Joshua next addressed a group of dour Levites the rest of us called the High Holies. They were in charge of leading temple services, washing the Ark down from a safe distance with the water pumps, and maintaining its circuitry. “Priests, you’ll walk with the Ark, praying over it and us. One of you needs to keep an eye on its propulsion, though.” Joshua leaned in conspiratorially. “Don’t let the Ark levitate too low or the parade will have to stop to get it back in the air, and that’s bad news. Elam, you can slip a charged cell in and out while you’re walking, right? In case the Ark noses down toward the sand?”
A teenager with choppy brown hair that fell past his chin nodded yes. He practically glowed being given the responsibility of the task, though his hands trembled a little.
“Good,” said Joshua. “Now except for a pair of you who’ll hold the net to make sure the Ark doesn’t move forward too fast, the rest of the priests should follow behind. I want you praying, but don’t be loud about it. Keep it to yourselves.”
The twenty or so High Holies agreed without complaint. Being quiet would be a challenge for them, though. Singing prayer chants was their bag. No matter how far away I staked my tent at night, I could hear their tuneless prayers rise up from the temple pavilion. I think that’s why Moses made us Levites priests in the first place—robust lungs. Us Parched Priests weren’t quite so sanctified; our repertoire cycled through the ditties Paps had taught me from his club days.
“Then line up!”
At Joshua’s command, the rest of the group shuffled to take their places, but we had no idea what was going on. Jehos thought it was hilarious. Between guffaws, he said, “He forgot ... he asked ... us here!”
Had he? All I knew was I had less faith in him than in those milk and honey scanners. It was obvious Lizbet felt the same when bright streaks of red flared over her forehead and cheeks. That girl hated getting up early, and I knew from experience what would happen if her anger was allowed to fester.
“Joshua!” I yelled before our leader could get too far away. “Joshua!”
He had almost reached the nearest line of tents, but he turned on his heel and came back.
“What’re we supposed to do? The band?” I gestured to include my compatriots. We were scattered in the sand but united through our flummoxed expressions.
“Oh.” He furrowed his brow and thought for a minute. “Well, you’ve got to march with them. Take your instruments, but don’t use them, okay? Just hold them close and keep walking. Go in before the High Hol—the other priests—but after the soldiers.”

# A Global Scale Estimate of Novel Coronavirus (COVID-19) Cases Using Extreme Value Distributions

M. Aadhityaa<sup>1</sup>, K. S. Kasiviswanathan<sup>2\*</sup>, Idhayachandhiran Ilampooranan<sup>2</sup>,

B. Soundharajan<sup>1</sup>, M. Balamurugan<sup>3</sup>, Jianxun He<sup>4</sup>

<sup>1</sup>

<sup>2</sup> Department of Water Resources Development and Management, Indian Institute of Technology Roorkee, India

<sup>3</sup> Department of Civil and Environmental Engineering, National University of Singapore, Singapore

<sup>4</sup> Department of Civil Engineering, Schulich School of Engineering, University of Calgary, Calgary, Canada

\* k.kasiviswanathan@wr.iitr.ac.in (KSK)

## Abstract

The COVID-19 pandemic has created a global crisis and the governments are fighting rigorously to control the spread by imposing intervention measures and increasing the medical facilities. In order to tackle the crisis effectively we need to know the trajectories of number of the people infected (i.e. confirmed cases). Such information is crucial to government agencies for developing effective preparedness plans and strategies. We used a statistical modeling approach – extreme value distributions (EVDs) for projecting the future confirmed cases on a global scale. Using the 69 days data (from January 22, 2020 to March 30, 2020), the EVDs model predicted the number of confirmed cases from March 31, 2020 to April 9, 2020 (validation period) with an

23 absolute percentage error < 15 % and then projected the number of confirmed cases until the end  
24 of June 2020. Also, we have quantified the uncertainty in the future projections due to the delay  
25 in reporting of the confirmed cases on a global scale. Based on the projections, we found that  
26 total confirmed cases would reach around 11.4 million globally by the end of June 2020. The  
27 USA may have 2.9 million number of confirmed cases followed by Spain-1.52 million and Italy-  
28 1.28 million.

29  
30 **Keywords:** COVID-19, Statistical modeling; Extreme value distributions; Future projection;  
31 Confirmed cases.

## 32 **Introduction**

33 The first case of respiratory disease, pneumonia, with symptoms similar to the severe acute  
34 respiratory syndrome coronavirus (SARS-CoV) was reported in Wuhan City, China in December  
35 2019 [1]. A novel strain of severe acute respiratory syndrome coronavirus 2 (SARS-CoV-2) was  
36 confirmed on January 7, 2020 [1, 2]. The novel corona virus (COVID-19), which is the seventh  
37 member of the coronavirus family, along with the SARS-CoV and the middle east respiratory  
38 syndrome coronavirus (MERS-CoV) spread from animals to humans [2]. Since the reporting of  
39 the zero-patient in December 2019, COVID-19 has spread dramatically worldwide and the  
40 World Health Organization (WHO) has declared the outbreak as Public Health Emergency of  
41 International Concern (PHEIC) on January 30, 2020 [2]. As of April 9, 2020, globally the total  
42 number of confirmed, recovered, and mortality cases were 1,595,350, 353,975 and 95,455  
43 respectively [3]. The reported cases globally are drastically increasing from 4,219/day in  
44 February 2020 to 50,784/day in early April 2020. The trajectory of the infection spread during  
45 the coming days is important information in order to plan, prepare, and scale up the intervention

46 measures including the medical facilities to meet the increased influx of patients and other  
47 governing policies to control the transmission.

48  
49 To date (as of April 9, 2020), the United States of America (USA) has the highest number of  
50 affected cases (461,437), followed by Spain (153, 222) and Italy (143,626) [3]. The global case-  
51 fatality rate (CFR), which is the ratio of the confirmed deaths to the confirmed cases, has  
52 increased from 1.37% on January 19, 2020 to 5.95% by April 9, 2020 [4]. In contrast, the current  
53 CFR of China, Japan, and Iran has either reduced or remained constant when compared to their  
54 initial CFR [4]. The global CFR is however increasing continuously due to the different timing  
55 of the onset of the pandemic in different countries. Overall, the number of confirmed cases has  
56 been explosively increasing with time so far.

Well, that sounded less fun than it had the night before, but I figured we’d already said yes by showing up. So I opened my case and pulled out the horn, and my polishing cloth, too. I would need something to hold it with because that sun was already burning, and nothing hurt Hot ‘N Horny worse than sweat.
We marched. And marched. The dome was big, but not until I’d circled around it could I call it colossal. The perimeter had to be at least two miles. It wasn’t so much the physical movement that bothered me—we had all been walking since we grew too big for the slings our mams had carried us in. Nor was it the heat bearing down on us, though I burned pretty quickly without the Lord’s cloud pillar filtering the sun. What got to me was all that time peering through the dome glass and the people staring right back. With how little they’d acknowledged our camp, I didn’t think they gave two figs for the children of Yahweh. But they stood on their wrap-around porches and in their streets observing us, and more came once they realized what we were doing. Their bulky clothes would have dragged them down into personal quicksand pools outside that dome, but I supposed the copper coil powered some sort of cooling device. Ice. Mama used to talk about it, how she would crush it up with a heated chisel when making cocktails for the Egyptian upper crust. It sounded so refreshing, probably more so than manna. On days the sun beat down so hard I was soaked with sweat before I’d so much as had a piss, I imagined sitting in a tub full of it. The day I sucked on ice was the day I’d be fulfilled... or maybe it’d just make me miss Mama more.